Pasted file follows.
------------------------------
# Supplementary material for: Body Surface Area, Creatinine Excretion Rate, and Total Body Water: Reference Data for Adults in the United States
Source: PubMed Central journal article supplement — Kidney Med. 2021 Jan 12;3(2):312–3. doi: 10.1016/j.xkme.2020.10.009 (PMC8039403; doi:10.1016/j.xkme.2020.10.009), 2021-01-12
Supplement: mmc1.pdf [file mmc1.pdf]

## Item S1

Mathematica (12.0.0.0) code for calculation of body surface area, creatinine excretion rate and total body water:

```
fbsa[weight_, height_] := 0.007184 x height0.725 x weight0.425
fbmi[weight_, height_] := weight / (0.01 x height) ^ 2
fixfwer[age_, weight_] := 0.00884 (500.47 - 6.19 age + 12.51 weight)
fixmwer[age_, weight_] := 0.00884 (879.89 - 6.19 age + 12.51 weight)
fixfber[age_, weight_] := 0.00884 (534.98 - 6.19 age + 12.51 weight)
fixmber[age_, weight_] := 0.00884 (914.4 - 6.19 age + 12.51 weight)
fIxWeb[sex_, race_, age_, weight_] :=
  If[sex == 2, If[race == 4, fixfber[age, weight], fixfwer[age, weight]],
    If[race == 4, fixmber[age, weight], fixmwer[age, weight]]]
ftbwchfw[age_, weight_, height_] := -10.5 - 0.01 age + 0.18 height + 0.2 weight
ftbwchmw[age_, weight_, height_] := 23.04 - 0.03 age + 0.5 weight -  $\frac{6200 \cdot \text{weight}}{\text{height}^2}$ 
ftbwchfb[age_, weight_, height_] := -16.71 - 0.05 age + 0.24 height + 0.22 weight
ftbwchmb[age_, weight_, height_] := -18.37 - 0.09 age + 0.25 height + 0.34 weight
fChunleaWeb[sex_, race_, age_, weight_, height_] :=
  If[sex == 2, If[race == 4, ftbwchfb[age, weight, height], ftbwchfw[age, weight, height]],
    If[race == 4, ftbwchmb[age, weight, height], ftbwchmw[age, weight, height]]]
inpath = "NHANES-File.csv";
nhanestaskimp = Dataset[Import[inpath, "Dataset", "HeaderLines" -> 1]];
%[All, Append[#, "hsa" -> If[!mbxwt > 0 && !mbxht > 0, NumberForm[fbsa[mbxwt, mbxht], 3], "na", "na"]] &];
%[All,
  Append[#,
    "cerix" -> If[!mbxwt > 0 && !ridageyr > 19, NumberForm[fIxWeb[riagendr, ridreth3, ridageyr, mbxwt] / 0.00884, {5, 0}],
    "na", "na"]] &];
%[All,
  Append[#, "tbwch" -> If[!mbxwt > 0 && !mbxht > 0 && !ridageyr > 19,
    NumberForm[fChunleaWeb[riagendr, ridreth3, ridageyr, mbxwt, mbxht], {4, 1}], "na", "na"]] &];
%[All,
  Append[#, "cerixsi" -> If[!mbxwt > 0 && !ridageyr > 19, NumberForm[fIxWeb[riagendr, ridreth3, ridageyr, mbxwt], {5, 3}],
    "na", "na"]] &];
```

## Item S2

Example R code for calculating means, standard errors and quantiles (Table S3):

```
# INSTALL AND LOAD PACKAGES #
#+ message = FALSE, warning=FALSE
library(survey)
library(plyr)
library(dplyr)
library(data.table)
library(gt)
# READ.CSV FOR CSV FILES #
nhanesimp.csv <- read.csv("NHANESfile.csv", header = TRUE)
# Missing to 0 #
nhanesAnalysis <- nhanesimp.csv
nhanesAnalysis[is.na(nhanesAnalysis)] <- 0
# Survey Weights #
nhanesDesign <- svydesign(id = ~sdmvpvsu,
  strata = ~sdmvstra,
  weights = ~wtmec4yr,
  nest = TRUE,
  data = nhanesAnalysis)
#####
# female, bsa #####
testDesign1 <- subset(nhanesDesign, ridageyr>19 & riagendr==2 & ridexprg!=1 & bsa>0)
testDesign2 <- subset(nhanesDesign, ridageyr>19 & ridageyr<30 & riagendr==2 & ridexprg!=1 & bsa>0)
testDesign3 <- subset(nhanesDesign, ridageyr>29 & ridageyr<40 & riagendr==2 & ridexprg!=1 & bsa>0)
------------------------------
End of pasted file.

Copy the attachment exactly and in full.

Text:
# Supplementary material for: Body Surface Area, Creatinine Excretion Rate, and Total Body Water: Reference Data for Adults in the United States
Source: PubMed Central journal article supplement — Kidney Med. 2021 Jan 12;3(2):312–3. doi: 10.1016/j.xkme.2020.10.009 (PMC8039403; doi:10.1016/j.xkme.2020.10.009), 2021-01-12
Supplement: mmc1.pdf [file mmc1.pdf]

## Item S1

Mathematica (12.0.0.0) code for calculation of body surface area, creatinine excretion rate and total body water:

```
fbsa[weight_, height_] := 0.007184 x height0.725 x weight0.425
fbmi[weight_, height_] := weight / (0.01 x height) ^ 2
fixfwer[age_, weight_] := 0.00884 (500.47 - 6.19 age + 12.51 weight)
fixmwer[age_, weight_] := 0.00884 (879.89 - 6.19 age + 12.51 weight)
fixfber[age_, weight_] := 0.00884 (534.98 - 6.19 age + 12.51 weight)
fixmber[age_, weight_] := 0.00884 (914.4 - 6.19 age + 12.51 weight)
fIxWeb[sex_, race_, age_, weight_] :=
  If[sex == 2, If[race == 4, fixfber[age, weight], fixfwer[age, weight]],
    If[race == 4, fixmber[age, weight], fixmwer[age, weight]]]
ftbwchfw[age_, weight_, height_] := -10.5 - 0.01 age + 0.18 height + 0.2 weight
ftbwchmw[age_, weight_, height_] := 23.04 - 0.03 age + 0.5 weight -  $\frac{6200 \cdot \text{weight}}{\text{height}^2}$ 
ftbwchfb[age_, weight_, height_] := -16.71 - 0.05 age + 0.24 height + 0.22 weight
ftbwchmb[age_, weight_, height_] := -18.37 - 0.09 age + 0.25 height + 0.34 weight
fChunleaWeb[sex_, race_, age_, weight_, height_] :=
  If[sex == 2, If[race == 4, ftbwchfb[age, weight, height], ftbwchfw[age, weight, height]],
    If[race == 4, ftbwchmb[age, weight, height], ftbwchmw[age, weight, height]]]
inpath = "NHANES-File.csv";
nhanestaskimp = Dataset[Import[inpath, "Dataset", "HeaderLines" -> 1]];
%[All, Append[#, "hsa" -> If[!mbxwt > 0 && !mbxht > 0, NumberForm[fbsa[mbxwt, mbxht], 3], "na", "na"]] &];
%[All,
  Append[#,
    "cerix" -> If[!mbxwt > 0 && !ridageyr > 19, NumberForm[fIxWeb[riagendr, ridreth3, ridageyr, mbxwt] / 0.00884, {5, 0}],
    "na", "na"]] &];
%[All,
  Append[#, "tbwch" -> If[!mbxwt > 0 && !mbxht > 0 && !ridageyr > 19,
    NumberForm[fChunleaWeb[riagendr, ridreth3, ridageyr, mbxwt, mbxht], {4, 1}], "na", "na"]] &];
%[All,
  Append[#, "cerixsi" -> If[!mbxwt > 0 && !ridageyr > 19, NumberForm[fIxWeb[riagendr, ridreth3, ridageyr, mbxwt], {5, 3}],
    "na", "na"]] &];
```

## Item S2

Example R code for calculating means, standard errors and quantiles (Table S3):

```
# INSTALL AND LOAD PACKAGES #
#+ message = FALSE, warning=FALSE
library(survey)
library(plyr)
library(dplyr)
library(data.table)
library(gt)
# READ.CSV FOR CSV FILES #
nhanesimp.csv <- read.csv("NHANESfile.csv", header = TRUE)
# Missing to 0 #
nhanesAnalysis <- nhanesimp.csv
nhanesAnalysis[is.na(nhanesAnalysis)] <- 0
# Survey Weights #
nhanesDesign <- svydesign(id = ~sdmvpvsu,
  strata = ~sdmvstra,
  weights = ~wtmec4yr,
  nest = TRUE,
  data = nhanesAnalysis)
#####
# female, bsa #####
testDesign1 <- subset(nhanesDesign, ridageyr>19 & riagendr==2 & ridexprg!=1 & bsa>0)
testDesign2 <- subset(nhanesDesign, ridageyr>19 & ridageyr<30 & riagendr==2 & ridexprg!=1 & bsa>0)
testDesign3 <- subset(nhanesDesign, ridageyr>29 & ridageyr<40 & riagendr==2 & ridexprg!=1 & bsa>0)